Illustration of David Elliott by Saiman Chow.

The Seeds of Time or the Sands of the Desert?

China UK Germany

Over the past couple of years it has been hard to avoid the work of Ai Weiwei. Conscientiously ubiquitous, in 2008 it popped up in Beijing in the design for the famous “Bird’s Nest” Olympic stadium, only to be disowned by the artist as a symptom of the  “pretend smile of bad taste.”

Or in 2007, at documenta 12, it hit the ground when Template, a monumental structure of doors and window frames, victims of the current Chinese building boom, collapsed in a freak storm. There is a natural irony here that we can all appreciate, yet the means by which it is achieved—the strategy of reversal, a thing being the opposite of what it seems—reminds me of the military writings of Sun Tzu that have influenced so many generals.

As architect, designer, artist, writer, blogger and activist, Ai has marshaled his works as if he were a general. After the Cultural Revolution, he exhibited with the Stars group, a spearhead of the growing democracy movement. Since then he has always pitched himself against the establishment’s power. From 1981 to 1993 he lived in the United States, then moved back to China, where in a series of destructive and transformative actions, symbolic reversals of Confucian respect for harmony and age, he reduced ancient pottery to scattered shards or jars of conceptual dust. In 2000 he co-curated the “Fuck Off” exhibition, bringing together installations and actions that seemed to be rooted in such a sadistic, disillusioned cynicism that, for many, they tested the limits of what art could be. Again the strategy of opposites kicked in: what seemed to be violence actually could be, perhaps, intense emotion, even sentiment.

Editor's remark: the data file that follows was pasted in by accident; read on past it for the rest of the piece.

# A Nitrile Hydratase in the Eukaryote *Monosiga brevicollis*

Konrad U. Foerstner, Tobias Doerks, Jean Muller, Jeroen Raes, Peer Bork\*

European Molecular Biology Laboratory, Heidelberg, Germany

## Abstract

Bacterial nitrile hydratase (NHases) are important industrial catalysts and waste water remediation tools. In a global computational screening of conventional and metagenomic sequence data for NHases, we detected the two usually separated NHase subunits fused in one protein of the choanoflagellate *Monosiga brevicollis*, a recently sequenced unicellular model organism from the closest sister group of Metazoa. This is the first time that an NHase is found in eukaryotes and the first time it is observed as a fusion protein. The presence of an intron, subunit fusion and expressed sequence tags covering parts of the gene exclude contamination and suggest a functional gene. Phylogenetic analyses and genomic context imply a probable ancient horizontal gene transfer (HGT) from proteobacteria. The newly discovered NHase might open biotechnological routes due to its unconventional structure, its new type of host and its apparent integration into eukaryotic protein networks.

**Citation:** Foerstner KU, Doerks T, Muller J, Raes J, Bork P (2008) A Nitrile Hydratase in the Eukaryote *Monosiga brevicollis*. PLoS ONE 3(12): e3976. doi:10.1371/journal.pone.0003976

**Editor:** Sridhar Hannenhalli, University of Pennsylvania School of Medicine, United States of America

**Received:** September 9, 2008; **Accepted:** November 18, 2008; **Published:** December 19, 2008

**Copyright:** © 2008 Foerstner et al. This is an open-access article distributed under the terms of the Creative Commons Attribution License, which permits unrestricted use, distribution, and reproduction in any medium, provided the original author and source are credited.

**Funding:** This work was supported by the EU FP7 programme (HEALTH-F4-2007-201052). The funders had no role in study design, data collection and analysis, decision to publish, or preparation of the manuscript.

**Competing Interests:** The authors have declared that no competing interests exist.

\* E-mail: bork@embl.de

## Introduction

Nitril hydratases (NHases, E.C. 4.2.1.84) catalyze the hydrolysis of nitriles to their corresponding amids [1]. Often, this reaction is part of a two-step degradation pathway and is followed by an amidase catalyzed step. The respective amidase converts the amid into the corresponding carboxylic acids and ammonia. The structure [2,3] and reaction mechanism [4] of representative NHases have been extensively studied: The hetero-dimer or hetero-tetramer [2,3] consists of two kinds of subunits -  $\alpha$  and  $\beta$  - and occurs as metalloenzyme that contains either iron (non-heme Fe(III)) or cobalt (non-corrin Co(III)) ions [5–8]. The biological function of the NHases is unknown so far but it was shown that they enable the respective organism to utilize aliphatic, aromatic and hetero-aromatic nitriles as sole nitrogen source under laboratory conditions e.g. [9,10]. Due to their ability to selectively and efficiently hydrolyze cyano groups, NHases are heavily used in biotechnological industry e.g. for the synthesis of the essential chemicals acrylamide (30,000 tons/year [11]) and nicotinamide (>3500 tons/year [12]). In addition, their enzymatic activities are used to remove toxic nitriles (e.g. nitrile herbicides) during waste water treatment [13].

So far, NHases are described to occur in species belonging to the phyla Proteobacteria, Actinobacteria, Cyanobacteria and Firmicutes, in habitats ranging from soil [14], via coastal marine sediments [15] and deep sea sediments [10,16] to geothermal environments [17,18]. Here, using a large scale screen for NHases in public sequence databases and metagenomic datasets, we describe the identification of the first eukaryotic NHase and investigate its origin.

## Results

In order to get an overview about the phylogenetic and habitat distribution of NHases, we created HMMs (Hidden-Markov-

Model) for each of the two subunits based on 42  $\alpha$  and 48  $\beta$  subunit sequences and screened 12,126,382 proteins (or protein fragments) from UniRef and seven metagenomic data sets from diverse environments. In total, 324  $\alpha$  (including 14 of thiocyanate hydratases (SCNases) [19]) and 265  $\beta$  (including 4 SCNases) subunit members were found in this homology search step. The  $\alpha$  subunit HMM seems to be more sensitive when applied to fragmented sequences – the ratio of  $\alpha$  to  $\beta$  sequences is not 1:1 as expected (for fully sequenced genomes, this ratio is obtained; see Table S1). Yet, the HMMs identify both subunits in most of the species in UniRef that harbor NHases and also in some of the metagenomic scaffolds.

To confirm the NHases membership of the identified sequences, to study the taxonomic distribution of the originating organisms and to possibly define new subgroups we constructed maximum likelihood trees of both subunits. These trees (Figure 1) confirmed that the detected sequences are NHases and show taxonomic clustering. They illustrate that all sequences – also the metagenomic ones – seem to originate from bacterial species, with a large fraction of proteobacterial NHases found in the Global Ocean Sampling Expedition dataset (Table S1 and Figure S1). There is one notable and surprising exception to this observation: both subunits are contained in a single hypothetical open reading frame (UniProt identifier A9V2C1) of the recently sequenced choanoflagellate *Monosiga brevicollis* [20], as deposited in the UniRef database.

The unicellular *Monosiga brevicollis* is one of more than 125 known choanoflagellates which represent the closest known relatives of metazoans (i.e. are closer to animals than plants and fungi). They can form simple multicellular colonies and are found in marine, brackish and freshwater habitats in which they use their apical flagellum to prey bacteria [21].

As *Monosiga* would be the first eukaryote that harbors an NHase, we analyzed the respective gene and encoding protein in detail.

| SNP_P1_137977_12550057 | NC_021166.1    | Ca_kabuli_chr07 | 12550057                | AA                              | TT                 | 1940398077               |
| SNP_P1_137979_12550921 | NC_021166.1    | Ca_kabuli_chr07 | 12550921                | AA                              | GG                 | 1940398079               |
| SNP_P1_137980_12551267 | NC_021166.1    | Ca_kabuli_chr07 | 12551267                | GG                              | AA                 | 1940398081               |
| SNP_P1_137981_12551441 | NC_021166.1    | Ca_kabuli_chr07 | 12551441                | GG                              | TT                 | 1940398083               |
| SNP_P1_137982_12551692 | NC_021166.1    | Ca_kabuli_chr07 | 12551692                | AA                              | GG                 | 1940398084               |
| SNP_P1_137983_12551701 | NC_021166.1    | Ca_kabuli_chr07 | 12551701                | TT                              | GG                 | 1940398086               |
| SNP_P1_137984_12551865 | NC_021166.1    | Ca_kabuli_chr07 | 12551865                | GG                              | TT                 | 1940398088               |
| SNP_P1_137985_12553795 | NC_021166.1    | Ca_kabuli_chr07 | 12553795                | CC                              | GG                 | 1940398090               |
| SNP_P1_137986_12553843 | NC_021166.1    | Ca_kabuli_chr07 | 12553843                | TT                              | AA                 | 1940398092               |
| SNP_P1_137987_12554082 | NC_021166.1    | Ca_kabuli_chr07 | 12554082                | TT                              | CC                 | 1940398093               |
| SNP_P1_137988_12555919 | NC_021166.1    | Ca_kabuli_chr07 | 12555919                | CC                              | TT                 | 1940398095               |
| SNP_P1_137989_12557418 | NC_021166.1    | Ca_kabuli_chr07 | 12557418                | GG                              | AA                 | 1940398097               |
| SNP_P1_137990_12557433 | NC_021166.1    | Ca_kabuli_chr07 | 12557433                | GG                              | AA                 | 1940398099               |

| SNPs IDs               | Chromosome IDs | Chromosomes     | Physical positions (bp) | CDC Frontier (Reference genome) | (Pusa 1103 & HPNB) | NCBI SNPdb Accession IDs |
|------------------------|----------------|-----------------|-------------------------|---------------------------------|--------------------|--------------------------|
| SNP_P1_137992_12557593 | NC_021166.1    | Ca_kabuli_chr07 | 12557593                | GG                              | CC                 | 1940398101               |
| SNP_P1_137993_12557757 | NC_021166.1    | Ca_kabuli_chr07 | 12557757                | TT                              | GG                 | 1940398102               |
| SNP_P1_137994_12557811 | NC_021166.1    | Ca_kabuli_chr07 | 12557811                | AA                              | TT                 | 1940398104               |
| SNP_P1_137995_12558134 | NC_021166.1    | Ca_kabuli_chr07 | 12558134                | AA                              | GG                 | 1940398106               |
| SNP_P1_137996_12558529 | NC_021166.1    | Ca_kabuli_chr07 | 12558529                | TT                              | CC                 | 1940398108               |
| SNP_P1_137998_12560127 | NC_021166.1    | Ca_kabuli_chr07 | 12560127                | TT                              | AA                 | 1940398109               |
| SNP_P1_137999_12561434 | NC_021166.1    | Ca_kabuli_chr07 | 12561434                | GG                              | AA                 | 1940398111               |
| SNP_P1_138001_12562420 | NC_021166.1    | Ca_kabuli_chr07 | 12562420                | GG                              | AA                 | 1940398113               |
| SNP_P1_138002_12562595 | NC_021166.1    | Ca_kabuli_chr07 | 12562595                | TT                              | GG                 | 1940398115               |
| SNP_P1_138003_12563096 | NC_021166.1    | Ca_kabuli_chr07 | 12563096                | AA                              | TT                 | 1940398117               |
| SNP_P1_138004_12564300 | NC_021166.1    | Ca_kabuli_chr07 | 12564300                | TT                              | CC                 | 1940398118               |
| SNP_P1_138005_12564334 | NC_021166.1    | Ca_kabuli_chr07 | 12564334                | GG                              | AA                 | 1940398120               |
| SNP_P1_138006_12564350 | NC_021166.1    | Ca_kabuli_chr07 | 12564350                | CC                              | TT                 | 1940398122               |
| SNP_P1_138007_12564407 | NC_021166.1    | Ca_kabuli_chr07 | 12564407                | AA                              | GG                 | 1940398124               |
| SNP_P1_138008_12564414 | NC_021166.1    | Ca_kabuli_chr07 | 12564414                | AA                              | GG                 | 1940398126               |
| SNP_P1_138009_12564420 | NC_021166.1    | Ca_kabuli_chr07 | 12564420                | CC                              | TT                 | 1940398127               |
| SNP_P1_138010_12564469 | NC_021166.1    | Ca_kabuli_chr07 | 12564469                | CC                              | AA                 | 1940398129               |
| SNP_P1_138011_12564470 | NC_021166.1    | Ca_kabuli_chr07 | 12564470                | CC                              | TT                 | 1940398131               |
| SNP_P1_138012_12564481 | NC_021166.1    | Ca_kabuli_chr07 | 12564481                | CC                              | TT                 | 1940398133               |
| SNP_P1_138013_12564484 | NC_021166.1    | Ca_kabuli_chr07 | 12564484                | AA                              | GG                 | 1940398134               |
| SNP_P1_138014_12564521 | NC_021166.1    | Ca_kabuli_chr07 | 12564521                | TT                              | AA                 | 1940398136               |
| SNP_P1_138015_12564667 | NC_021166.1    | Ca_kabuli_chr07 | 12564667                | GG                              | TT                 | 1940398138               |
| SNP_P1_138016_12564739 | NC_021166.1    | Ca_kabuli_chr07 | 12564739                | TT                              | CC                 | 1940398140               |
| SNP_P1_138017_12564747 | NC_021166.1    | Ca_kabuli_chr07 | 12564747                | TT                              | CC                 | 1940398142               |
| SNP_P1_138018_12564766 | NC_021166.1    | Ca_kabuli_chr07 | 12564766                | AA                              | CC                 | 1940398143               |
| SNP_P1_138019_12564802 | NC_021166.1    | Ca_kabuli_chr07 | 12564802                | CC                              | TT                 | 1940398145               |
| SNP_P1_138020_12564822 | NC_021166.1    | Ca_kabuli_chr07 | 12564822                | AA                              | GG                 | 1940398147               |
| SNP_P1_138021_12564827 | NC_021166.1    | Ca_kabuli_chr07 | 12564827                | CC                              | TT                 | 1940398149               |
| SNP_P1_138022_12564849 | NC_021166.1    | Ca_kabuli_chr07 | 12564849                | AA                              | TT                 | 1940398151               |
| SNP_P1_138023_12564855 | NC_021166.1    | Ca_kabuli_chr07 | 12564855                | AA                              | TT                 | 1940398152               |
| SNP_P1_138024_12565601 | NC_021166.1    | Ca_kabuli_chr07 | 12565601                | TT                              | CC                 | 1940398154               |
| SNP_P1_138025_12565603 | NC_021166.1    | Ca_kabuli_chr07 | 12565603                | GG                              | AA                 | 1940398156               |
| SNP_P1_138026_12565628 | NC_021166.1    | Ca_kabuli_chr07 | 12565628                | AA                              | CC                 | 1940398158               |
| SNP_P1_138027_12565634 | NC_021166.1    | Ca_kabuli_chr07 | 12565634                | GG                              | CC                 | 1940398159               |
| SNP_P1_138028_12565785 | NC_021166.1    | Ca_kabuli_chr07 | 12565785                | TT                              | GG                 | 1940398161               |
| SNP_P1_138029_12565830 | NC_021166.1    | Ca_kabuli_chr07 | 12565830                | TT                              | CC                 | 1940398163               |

At documenta, though, Template was dwarfed by Fairytale, in which Ai invited 1,001 laid-off Chinese workers, street vendors, students, performers, farmers and others to travel to sleepy little Kassel—a town not renowned for its appreciation of ethnic diversity—to see the show. The impact of the work depended literally on where you were coming from. Was this sudden influx of people a dream or a nightmare, a vehicle of happiness for those who traveled, or a Trojan Horse in the heart of Europe?

Ai is well aware of such ambivalence, and he weaves it into the fabric of his work. Recently, he has openly criticized the Chinese government for its suppression of the scale and the causes of the carnage of the 2008 Sichuan earthquake. Last year he spread 9,000 children’s rucksacks across the façade of Munich’s Nazi-built Haus der Kunst for Remembering, a work that told the pathetic words, in Chinese characters, of a bereaved mother: “She lived happily for seven years in this world.”